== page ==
Our previous blog looked at the credit metrics across CLOs and their improvement during the first- half of 2021. This time, we are focussing on recent CLO spread performance and its causes.
Record supply volume characterised the European CLO market during H1 2021.The refinancing machine, which has experienced a hiatus since 2018, reignited on the back of some favourable financing conditions. Specifically, according to Morgan Stanley, public markets received roughly €15bn of new issues and 38bn of refinancing, bringing supply totals to €53bn, the highest volume since the end of the GFC.
We can identify two main drivers behind the issuance surge. The first driver is an exuberant loan supply due to the favourable macro backdrop and fiscal environment. Accordingly, the resultant waves of M&A activity and loan refinancing pushed leveraged loan issuance to €66bn in H1, a 100% increase versus the first half of 2020. The second factor pushing issuance higher is the cheap cost of CLO liabilities during the first few months of the year. Additionally, we have observed various managers attempting to refinance away from inflexible terms agreed with the Japanese buyer base in 2018/19. The market saw new large investors entering the CLO space at the beginning of this year, attracted by, among other factors, the compelling relative value and floating rate nature of the product. The entrance of new investors to the market compressed spreads, with AAA and BB reaching DMs of 0.77% and 5.6% in March (from the highs of 1.9% and 7.8% in June last year). As a result, the average cost of funding has dropped to 1.5-1.6% from the peak of 2.5% last year, making the CLO arbitrage very attractive for equity and CLO managers.
If we look at spread moves year to date, they are mostly tighter across the stack, with the belly of the structure outperforming, followed by the sub-investment grade and the senior tranches. However, as mentioned already, technical factors profoundly influence the CLO market. Accordingly, the unprecedented surge in supply has exerted pressure on spreads, particularly in primary issues, causing AAA spreads to widen in the latter stages of Q2. Other factors might have also influenced the demand surge for AAA over recent months. One such factor is the drop in the Euribor floor benefit embedded in CLO tranches due to the potential for sooner than expected rate hikes, given CLO floating-rate coupons are usually floored (from 40bps in March to 25bps end of June, Eur swap curve 3m vs 5y).
Second, the moves in hedging costs with the EUR/USD cross-currency basis compressing further and making AAA bonds less attractive over the US ones.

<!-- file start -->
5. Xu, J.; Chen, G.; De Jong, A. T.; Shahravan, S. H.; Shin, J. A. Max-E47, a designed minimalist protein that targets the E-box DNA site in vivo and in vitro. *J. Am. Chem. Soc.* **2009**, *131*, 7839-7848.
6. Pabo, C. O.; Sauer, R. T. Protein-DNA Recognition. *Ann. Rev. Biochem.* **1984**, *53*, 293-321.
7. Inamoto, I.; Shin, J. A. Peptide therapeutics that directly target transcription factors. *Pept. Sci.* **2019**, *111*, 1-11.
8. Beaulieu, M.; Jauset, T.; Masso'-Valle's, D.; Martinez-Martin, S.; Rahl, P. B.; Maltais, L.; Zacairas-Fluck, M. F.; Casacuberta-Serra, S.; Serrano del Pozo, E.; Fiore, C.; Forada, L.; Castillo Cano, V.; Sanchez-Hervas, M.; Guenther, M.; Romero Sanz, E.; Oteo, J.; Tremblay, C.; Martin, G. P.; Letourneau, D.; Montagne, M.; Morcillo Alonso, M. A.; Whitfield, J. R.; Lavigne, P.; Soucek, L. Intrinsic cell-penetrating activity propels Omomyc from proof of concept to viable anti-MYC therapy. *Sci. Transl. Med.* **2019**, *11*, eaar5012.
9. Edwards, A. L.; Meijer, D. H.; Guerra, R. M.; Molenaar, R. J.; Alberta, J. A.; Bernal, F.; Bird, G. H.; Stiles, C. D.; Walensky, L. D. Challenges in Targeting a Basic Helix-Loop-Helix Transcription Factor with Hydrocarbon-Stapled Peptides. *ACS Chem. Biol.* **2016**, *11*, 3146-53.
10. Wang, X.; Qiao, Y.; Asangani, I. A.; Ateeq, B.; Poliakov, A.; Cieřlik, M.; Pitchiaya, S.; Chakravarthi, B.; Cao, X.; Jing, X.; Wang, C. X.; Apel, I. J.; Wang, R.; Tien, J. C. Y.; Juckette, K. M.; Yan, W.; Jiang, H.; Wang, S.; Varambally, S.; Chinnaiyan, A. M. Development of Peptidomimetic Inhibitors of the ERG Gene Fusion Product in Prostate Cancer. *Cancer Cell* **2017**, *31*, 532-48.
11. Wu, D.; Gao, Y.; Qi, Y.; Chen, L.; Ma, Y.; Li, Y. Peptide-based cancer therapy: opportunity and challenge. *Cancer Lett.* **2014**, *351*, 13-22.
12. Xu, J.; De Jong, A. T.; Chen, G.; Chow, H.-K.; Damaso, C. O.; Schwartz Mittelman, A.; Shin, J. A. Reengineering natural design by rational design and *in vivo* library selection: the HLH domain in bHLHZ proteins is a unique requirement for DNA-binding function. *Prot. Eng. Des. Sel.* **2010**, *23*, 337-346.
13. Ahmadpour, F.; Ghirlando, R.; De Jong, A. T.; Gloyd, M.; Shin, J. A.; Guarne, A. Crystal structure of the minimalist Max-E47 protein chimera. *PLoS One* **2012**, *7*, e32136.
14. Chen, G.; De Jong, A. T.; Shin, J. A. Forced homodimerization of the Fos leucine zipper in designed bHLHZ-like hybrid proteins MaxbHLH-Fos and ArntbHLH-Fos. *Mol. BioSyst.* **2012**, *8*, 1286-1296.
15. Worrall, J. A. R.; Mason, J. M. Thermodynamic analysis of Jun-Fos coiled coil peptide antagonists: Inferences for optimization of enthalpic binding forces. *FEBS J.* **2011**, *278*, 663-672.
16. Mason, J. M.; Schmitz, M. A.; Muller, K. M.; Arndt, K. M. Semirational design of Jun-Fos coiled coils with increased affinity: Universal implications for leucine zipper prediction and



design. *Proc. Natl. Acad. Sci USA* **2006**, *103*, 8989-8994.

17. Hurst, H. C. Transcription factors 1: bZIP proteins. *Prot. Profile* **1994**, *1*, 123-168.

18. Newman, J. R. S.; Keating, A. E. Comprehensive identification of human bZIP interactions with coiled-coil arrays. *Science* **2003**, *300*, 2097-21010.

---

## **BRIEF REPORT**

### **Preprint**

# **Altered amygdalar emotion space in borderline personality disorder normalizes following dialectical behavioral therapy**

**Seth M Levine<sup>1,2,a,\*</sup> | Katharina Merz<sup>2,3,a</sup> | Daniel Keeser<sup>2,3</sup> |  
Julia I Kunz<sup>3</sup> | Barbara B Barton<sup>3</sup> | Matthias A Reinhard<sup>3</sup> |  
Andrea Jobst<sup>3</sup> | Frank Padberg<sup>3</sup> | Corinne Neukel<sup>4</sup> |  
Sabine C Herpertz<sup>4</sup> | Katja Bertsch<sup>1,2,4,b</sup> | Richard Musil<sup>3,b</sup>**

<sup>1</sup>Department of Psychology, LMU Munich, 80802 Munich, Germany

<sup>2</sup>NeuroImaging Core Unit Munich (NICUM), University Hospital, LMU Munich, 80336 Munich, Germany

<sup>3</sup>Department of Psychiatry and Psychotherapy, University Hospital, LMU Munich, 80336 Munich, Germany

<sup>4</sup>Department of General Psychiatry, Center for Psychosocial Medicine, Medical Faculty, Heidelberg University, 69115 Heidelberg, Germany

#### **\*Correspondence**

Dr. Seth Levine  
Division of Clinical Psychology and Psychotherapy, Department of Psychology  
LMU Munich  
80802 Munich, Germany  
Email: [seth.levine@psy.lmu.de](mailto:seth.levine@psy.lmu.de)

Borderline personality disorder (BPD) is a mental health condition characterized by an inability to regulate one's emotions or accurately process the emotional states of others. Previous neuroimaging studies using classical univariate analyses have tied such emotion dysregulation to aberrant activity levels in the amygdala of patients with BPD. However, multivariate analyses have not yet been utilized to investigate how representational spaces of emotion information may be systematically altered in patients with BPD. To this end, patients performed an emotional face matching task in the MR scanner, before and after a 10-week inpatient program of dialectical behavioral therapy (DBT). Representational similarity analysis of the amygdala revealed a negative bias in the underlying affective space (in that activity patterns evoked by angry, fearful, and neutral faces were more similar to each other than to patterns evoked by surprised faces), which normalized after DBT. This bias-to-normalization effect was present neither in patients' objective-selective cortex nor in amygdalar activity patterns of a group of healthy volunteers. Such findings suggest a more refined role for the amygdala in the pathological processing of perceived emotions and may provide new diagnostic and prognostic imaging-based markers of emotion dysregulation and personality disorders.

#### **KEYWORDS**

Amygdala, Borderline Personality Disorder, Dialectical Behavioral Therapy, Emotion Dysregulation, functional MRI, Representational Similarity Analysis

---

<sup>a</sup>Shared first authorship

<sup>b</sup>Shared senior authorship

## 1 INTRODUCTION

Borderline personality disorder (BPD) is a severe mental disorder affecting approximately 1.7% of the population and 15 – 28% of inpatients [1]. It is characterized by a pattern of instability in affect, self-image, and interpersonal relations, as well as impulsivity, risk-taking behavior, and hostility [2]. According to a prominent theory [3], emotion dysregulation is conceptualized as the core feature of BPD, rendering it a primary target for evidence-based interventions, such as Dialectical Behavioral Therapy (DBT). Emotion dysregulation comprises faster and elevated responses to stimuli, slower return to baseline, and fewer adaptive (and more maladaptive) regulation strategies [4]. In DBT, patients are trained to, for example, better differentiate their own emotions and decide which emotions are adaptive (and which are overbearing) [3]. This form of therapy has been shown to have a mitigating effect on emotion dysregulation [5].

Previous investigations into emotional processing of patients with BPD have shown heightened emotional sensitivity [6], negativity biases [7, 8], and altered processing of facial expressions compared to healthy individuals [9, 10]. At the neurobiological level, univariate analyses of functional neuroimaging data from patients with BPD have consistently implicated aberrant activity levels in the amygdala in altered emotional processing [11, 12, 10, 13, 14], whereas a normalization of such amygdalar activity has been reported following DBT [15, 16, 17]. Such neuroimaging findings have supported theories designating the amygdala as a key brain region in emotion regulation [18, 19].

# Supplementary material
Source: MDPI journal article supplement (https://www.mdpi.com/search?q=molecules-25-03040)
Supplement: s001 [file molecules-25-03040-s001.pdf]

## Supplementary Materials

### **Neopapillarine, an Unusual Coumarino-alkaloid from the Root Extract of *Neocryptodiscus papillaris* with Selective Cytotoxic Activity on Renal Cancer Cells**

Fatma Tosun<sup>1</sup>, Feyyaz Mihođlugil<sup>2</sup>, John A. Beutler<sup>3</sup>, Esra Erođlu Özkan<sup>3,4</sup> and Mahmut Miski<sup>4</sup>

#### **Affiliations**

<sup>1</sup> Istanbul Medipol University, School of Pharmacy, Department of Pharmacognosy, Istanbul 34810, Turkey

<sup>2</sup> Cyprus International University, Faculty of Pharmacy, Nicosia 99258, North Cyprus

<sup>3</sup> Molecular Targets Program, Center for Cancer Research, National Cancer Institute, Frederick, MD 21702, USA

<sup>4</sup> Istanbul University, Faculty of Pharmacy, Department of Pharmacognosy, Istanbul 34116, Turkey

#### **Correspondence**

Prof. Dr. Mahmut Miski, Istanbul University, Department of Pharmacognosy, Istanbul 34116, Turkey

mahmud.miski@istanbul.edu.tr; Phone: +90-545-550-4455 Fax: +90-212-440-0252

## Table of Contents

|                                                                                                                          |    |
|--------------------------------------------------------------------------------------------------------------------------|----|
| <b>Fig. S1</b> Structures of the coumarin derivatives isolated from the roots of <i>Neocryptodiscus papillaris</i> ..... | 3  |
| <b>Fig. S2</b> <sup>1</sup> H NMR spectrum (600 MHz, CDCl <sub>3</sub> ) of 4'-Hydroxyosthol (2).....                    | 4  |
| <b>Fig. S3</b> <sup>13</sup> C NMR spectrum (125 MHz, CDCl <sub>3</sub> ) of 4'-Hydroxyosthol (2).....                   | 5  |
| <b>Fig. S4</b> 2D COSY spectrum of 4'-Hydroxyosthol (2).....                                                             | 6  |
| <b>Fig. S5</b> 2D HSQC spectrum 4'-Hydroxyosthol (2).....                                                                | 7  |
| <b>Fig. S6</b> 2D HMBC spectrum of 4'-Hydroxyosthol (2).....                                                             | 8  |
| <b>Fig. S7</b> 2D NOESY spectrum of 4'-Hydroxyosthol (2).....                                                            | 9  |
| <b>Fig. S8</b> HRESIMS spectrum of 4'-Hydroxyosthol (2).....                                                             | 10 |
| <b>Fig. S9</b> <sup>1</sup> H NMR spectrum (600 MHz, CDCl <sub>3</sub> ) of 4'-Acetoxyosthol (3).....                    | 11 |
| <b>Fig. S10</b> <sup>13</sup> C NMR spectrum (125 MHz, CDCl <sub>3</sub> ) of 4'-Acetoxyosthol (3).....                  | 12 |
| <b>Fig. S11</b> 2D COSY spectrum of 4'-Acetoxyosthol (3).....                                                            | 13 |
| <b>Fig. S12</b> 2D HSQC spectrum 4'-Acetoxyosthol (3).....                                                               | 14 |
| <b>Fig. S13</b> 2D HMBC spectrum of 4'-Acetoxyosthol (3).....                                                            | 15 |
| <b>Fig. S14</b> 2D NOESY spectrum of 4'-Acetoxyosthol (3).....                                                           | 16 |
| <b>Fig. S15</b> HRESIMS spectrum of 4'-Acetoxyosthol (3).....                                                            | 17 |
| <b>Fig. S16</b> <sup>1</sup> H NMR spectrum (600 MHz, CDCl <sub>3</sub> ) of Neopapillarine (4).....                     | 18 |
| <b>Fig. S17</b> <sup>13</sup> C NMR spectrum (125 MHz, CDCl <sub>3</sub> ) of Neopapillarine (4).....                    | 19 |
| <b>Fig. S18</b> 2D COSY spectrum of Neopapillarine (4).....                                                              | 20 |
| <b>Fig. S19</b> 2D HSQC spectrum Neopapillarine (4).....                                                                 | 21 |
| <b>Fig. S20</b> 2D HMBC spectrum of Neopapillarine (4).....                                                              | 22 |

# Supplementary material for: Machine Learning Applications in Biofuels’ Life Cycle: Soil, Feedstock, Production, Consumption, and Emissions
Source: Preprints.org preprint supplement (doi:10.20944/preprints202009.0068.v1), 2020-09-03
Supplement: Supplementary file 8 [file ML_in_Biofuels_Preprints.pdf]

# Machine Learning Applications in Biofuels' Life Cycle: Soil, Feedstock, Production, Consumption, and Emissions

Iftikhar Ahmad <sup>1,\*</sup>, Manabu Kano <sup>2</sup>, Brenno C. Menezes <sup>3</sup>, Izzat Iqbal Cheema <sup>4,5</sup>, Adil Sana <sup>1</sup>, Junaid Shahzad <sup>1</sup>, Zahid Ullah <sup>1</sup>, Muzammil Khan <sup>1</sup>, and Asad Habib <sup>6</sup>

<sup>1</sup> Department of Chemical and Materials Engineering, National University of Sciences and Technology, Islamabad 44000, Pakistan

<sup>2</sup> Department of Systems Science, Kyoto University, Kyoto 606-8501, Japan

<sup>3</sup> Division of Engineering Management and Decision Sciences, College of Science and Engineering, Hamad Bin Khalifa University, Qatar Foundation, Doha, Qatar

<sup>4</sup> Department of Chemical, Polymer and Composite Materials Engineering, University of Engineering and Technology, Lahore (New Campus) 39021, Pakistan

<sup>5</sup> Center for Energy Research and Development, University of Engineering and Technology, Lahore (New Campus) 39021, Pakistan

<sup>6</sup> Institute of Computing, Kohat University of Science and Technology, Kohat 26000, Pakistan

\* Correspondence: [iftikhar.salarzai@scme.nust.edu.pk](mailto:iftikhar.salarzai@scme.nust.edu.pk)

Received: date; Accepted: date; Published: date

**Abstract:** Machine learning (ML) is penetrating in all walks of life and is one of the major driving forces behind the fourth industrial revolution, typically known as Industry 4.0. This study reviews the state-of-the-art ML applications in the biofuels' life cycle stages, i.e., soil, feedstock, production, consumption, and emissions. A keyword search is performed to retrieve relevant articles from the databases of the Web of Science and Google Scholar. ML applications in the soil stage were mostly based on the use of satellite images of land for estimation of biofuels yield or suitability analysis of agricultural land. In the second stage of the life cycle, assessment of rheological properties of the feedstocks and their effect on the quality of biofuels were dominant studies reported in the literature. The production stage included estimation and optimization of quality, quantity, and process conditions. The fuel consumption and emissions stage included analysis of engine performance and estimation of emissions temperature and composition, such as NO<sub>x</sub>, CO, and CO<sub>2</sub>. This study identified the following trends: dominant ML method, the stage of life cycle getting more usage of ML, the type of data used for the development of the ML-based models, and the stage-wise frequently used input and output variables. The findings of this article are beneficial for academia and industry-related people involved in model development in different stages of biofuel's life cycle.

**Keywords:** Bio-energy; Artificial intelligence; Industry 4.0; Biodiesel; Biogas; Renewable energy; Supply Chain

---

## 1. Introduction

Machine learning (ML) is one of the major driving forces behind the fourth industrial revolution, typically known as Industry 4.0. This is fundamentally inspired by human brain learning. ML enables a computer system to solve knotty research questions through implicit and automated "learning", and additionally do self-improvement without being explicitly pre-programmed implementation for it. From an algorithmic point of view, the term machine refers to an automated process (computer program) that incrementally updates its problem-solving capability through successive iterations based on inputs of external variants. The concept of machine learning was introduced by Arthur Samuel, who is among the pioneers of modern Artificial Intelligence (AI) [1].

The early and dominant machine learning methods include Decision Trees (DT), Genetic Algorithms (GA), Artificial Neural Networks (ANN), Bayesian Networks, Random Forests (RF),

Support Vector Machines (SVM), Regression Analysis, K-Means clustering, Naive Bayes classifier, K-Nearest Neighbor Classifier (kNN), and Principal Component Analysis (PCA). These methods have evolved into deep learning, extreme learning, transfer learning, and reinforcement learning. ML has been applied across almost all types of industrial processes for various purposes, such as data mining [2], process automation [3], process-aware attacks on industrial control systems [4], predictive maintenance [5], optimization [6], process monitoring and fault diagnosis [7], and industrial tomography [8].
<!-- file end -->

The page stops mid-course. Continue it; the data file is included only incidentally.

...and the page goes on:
After a hectic first half of the year, most investors, including us, were hoping for a dull summer to recharge our batteries, but it seems there’s no respite from the CLO machine. The month of July saw 22 deals coming to the market, and there are at least another 12 currently primed to do so. It shouldn’t, therefore, be a surprise to see deals printing with AAA coupons in a range of ~1-1.1%. Meanwhile, mezzanine spreads continue to show more resilience and stability due to their smaller size and different investor base.
Clearly, AAA paper yielding over 1.1% yield in euros does look attractive compared to any other fixed-income product, and more investors might notice it and enter the market. Whether this widening will prove short-lived or not is hard to predict. The dovish ECB stance already helped regain some of the relative value lost on the Euribor side in the past few weeks. Different factors will affect the spread dynamics over the coming months. We expect the refinancing/reset wave to continue, albeit at a slower pace. According to BAML, there are still 220 deals callable by the end of 2021. However, only a few of them are likely candidates to reset. Some deals in the money at the beginning of the year are no longer due to wider AAA spreads, and we expect to see most of the 2020 vintages reset going forward.
As a result, some of the pressure on primary spreads could ease. But, conversely, the macro and fiscal environment, easing restrictions and uncertainty over the Delta variant will continue to be crucial factors for the functioning of the market and the CLO, in common with broader fixed-income.
Only one thing is sure: CLO bankers won’t be able to go on holiday this summer.